Decorating ear lobes with a pair of symmetrical adornments has been a practice repeated for millennia. However, a growing band of jewellers is celebrating asymmetry in earrings whether in colour, size or form.
‘Variables are fascinating and to me the balance between two things that are not the same is much more glorious than two things that are,’ muses Danish jeweller, jewellery-collection" target="_self">Sophie Bille Brahe. 'It is the same thing with beauty spots and stars in the sky,' she continues. 'These are things that you do not want to see in a symmetric pattern, because there is no wonder in that.’
Brahe’s artfully minimalist pieces pair pearls matched in size but hung at different lengths from strips of matt finished gold. Similarly, with a signature focus on diamonds, Susan Foster creates differing lengths of baguette-cuts in the same pair. Meanwhile, Louis Vuitton’s new 'Blossom' fine jewellery features contrasting concave and convex iterations of its iconic monogram, which also alternate hues of gold to produce pairs that match on first glance but create optical confusion and interest.
At Dior, Victoire de Castellane explores two different variations of the trend. The first, from the collection 'La Rose Dior', matches different partners of a bee or leaf. The second of Dior’s articulations, 'Diorama Précieuse' balances an effortless pear-shaped stud against a fluid, twisting form incorporating a matching pear shape.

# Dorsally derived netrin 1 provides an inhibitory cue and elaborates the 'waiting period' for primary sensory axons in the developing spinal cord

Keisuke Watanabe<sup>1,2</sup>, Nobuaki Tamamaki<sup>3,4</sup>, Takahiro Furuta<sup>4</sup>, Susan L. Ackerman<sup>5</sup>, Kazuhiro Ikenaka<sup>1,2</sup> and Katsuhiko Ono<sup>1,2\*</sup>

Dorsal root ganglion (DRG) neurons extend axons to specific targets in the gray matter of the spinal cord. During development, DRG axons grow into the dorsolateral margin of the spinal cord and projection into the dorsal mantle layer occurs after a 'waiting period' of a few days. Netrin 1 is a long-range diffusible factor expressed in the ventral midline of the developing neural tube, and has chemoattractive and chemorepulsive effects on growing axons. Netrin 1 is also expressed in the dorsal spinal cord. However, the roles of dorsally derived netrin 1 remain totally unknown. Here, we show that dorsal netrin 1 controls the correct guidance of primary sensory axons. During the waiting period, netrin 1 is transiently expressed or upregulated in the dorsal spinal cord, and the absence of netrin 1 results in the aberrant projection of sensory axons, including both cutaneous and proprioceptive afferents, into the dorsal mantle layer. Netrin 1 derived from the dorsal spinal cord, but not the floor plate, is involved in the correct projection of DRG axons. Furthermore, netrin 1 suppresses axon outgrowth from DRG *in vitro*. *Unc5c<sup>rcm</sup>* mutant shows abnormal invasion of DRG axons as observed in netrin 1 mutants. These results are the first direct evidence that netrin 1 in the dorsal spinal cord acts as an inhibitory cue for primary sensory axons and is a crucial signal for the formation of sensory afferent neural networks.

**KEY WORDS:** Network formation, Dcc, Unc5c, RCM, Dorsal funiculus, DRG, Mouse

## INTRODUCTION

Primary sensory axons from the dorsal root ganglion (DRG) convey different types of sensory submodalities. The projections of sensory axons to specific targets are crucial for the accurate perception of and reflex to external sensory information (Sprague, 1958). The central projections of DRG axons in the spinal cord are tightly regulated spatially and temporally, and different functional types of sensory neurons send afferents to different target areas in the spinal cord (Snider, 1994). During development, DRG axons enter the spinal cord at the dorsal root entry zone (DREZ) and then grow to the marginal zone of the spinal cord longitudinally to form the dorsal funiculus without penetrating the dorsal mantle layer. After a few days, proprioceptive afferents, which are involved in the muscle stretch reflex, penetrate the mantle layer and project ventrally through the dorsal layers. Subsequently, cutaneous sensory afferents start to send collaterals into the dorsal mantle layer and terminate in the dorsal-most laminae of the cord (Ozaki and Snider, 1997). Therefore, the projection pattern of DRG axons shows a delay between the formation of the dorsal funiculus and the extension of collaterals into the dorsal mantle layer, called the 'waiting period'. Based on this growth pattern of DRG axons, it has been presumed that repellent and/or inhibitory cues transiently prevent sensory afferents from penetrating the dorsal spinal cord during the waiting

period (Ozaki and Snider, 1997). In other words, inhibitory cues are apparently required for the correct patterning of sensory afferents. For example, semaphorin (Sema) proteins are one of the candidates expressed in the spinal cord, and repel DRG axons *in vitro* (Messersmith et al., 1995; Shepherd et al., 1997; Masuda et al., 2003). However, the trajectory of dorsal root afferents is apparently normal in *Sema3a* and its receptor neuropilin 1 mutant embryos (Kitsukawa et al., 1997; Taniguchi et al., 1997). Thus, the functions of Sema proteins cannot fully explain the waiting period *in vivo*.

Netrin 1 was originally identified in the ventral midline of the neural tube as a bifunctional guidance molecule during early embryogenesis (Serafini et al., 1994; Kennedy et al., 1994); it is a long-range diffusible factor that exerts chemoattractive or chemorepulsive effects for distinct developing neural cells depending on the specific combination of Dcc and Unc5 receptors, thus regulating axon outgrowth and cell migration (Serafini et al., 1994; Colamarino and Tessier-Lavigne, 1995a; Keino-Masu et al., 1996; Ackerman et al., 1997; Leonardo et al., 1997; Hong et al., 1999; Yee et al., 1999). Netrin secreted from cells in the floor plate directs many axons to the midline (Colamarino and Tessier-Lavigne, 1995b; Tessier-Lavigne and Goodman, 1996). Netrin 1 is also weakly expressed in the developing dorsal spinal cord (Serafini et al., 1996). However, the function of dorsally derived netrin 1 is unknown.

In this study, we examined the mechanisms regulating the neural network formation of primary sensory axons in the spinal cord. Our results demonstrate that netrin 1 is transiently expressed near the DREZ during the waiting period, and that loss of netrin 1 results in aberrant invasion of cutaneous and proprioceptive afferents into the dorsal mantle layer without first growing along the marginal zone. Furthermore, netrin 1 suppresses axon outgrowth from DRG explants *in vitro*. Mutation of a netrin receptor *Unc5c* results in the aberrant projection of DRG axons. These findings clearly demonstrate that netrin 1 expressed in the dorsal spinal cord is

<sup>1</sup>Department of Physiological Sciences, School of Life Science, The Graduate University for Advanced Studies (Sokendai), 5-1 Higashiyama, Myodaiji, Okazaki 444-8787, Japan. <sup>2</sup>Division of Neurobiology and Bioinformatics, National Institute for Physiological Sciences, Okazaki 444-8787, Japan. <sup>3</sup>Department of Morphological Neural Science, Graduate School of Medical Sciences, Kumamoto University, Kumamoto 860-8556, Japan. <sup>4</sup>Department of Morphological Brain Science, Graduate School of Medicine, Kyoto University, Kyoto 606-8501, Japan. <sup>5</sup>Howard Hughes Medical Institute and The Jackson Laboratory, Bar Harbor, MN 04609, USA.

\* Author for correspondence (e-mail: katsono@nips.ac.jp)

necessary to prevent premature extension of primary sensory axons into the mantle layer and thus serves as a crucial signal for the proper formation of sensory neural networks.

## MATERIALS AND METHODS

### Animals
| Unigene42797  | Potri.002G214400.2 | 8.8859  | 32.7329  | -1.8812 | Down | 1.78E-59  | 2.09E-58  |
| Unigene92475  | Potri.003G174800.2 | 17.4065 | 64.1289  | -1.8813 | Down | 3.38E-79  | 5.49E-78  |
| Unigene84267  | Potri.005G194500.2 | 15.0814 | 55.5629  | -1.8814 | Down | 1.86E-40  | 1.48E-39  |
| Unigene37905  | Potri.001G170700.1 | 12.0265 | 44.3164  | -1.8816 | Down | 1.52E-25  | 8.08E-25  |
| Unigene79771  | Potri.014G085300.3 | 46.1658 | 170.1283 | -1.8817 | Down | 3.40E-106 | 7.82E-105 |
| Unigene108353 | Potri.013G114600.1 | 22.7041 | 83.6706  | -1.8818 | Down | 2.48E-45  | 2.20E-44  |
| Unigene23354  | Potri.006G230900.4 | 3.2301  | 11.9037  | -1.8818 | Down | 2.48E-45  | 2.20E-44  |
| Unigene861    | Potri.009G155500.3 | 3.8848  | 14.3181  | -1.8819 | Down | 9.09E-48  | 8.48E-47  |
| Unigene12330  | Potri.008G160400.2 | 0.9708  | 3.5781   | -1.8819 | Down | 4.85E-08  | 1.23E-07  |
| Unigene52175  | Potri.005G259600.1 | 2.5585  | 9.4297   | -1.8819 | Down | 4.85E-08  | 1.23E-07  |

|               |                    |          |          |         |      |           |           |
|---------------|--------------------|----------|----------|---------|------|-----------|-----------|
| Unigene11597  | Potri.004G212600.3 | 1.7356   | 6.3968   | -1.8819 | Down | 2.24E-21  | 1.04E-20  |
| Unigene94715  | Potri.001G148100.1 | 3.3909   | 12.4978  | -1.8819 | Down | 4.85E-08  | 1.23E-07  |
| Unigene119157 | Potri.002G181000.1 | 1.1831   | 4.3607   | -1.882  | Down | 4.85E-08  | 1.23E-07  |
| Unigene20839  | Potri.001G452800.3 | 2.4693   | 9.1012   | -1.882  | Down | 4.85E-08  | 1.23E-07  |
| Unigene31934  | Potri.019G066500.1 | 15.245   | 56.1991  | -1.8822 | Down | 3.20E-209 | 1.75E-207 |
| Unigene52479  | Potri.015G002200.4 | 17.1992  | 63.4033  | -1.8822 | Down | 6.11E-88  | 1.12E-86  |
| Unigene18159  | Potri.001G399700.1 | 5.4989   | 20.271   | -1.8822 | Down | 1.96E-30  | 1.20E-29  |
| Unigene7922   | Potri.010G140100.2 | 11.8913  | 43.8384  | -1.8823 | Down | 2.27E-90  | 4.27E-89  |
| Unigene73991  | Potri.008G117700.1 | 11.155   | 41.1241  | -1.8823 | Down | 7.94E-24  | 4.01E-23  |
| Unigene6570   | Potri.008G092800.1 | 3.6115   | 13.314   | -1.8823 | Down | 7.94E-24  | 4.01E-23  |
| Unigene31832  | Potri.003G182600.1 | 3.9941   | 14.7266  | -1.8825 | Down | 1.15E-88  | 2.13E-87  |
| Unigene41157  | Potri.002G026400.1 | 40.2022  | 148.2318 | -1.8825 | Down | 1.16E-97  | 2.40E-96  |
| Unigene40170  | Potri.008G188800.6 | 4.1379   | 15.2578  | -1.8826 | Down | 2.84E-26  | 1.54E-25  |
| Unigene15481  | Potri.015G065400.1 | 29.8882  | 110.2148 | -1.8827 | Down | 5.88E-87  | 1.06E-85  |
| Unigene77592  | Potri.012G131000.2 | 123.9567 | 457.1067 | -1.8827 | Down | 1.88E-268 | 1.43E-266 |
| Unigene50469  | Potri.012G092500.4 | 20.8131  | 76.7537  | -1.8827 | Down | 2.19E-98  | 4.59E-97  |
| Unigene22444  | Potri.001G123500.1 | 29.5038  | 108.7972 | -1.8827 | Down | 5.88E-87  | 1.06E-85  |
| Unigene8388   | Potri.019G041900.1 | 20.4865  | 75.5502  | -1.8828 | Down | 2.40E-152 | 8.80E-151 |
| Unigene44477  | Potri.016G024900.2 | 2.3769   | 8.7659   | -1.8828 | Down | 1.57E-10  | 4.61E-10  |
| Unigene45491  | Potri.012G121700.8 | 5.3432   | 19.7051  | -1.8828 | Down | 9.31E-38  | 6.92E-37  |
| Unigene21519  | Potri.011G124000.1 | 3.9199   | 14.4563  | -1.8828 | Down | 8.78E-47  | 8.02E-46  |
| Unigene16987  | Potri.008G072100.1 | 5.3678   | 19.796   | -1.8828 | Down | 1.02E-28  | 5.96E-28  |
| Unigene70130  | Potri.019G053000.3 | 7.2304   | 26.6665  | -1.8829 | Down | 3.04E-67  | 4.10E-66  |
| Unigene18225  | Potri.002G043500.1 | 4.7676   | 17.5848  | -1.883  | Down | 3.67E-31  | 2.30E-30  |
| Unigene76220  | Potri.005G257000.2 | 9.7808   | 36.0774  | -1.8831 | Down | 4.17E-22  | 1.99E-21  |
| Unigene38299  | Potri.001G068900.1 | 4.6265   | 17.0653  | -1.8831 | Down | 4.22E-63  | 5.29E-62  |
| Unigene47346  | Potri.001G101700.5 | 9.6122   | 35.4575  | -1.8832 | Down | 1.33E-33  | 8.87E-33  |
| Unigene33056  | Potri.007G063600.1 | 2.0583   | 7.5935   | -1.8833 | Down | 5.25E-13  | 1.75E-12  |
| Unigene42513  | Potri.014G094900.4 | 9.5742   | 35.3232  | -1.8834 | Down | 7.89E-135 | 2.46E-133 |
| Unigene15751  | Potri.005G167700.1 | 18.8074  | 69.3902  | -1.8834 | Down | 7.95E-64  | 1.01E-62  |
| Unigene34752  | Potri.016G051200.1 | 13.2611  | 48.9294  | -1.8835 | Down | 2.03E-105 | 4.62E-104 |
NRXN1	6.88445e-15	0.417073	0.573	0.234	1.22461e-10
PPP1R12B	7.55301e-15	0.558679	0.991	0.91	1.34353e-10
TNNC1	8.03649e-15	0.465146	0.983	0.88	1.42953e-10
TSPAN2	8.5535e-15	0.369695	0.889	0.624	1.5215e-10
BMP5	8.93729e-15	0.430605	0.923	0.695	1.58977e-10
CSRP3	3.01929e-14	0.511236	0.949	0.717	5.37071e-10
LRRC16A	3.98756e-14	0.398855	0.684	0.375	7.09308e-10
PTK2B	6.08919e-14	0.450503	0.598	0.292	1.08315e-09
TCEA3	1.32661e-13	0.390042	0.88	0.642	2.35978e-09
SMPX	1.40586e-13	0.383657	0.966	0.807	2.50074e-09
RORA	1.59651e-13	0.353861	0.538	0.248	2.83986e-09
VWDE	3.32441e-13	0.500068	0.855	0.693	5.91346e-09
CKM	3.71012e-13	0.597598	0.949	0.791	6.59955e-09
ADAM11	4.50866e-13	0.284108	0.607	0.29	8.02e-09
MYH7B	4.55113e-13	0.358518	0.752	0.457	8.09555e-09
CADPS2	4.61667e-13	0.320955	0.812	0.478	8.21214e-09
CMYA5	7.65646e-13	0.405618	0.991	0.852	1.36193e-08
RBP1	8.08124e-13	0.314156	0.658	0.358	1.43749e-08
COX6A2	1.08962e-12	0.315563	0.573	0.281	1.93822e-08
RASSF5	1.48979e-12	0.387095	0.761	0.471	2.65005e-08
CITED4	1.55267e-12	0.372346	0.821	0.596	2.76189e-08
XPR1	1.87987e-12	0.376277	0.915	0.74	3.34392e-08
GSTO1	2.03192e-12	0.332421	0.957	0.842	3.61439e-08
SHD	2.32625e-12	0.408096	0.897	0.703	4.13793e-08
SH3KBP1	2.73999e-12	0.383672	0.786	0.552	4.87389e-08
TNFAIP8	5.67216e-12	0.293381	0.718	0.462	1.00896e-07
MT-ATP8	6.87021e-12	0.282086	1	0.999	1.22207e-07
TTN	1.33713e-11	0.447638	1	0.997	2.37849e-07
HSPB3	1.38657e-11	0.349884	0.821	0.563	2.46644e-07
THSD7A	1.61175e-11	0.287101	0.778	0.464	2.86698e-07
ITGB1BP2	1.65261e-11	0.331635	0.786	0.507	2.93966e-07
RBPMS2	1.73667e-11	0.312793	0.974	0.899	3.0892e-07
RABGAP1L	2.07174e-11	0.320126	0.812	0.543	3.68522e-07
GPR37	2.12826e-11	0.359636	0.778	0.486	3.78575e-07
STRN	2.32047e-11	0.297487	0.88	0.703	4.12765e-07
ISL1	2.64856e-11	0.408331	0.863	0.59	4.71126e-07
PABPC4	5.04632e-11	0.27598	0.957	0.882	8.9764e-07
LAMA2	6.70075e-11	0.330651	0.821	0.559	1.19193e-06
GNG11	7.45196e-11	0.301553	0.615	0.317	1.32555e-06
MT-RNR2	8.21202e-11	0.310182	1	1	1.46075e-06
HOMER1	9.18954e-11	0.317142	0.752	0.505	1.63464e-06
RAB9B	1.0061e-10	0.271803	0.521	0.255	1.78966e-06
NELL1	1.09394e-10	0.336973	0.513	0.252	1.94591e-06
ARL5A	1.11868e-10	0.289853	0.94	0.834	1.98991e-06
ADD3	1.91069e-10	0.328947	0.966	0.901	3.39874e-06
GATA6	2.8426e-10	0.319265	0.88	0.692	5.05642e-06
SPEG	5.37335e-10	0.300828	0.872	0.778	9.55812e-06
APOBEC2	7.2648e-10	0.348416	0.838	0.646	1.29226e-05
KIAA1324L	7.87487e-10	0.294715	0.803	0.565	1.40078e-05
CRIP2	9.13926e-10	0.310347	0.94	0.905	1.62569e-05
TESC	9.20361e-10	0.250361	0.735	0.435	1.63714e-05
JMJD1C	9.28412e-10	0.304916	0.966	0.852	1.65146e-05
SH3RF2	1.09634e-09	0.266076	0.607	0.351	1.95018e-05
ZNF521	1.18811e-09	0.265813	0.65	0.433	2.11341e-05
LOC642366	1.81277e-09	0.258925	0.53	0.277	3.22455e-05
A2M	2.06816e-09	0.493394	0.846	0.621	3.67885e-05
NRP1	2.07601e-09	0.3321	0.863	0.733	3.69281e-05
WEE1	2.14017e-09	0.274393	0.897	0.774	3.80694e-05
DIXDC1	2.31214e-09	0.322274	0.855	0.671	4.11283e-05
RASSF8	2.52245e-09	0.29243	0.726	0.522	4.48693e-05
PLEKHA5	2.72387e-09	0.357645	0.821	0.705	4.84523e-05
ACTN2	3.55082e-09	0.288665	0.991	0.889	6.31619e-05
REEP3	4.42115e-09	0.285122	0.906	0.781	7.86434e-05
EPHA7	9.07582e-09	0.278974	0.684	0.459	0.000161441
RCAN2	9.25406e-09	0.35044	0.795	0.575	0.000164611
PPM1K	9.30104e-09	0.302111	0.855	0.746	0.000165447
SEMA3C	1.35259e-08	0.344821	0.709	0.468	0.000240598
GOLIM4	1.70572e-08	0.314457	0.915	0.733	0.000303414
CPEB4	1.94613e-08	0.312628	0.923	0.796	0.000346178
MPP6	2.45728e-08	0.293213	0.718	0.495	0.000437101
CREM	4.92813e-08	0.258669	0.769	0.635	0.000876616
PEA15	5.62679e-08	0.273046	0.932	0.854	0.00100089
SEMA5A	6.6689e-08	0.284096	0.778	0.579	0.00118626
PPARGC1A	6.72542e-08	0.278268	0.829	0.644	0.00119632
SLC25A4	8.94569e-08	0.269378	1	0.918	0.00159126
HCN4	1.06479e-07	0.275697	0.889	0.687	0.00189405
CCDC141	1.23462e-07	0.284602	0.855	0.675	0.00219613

Brazilian designer Fernando Jorge’s work has always been inspired by nature and its organic and flowing forms. His latest collection, 'Sprout', continues these themes. ‘The rules for composing an asymmetric look are very flexible,' he says, 'but it should still be about creating an interesting balance of shapes and colours.’ Again, a pear-shaped stud provides balance; this time, however, to a serpentine partner. This construction of a substantial form balanced by a simple stud also appears in the work of Lara Bohinc and Elise Dray, among others.
Ara Vartanian’s creations feature rock ‘n’ roll hallmarks such as stones set in reverse with the table hidden, with an exposed pavilion jutting forth. Vartanian incorporates asymmetry in many of his earring designs – often in simple mirrors of each other with one form travelling up, while its partner follows the opposite path. One unique pair harnesses asymmetry in order to showcase a trinity of gobstopper-sized opal beads. Magnificent and rare, they are balanced by a simplified diamond accompaniment.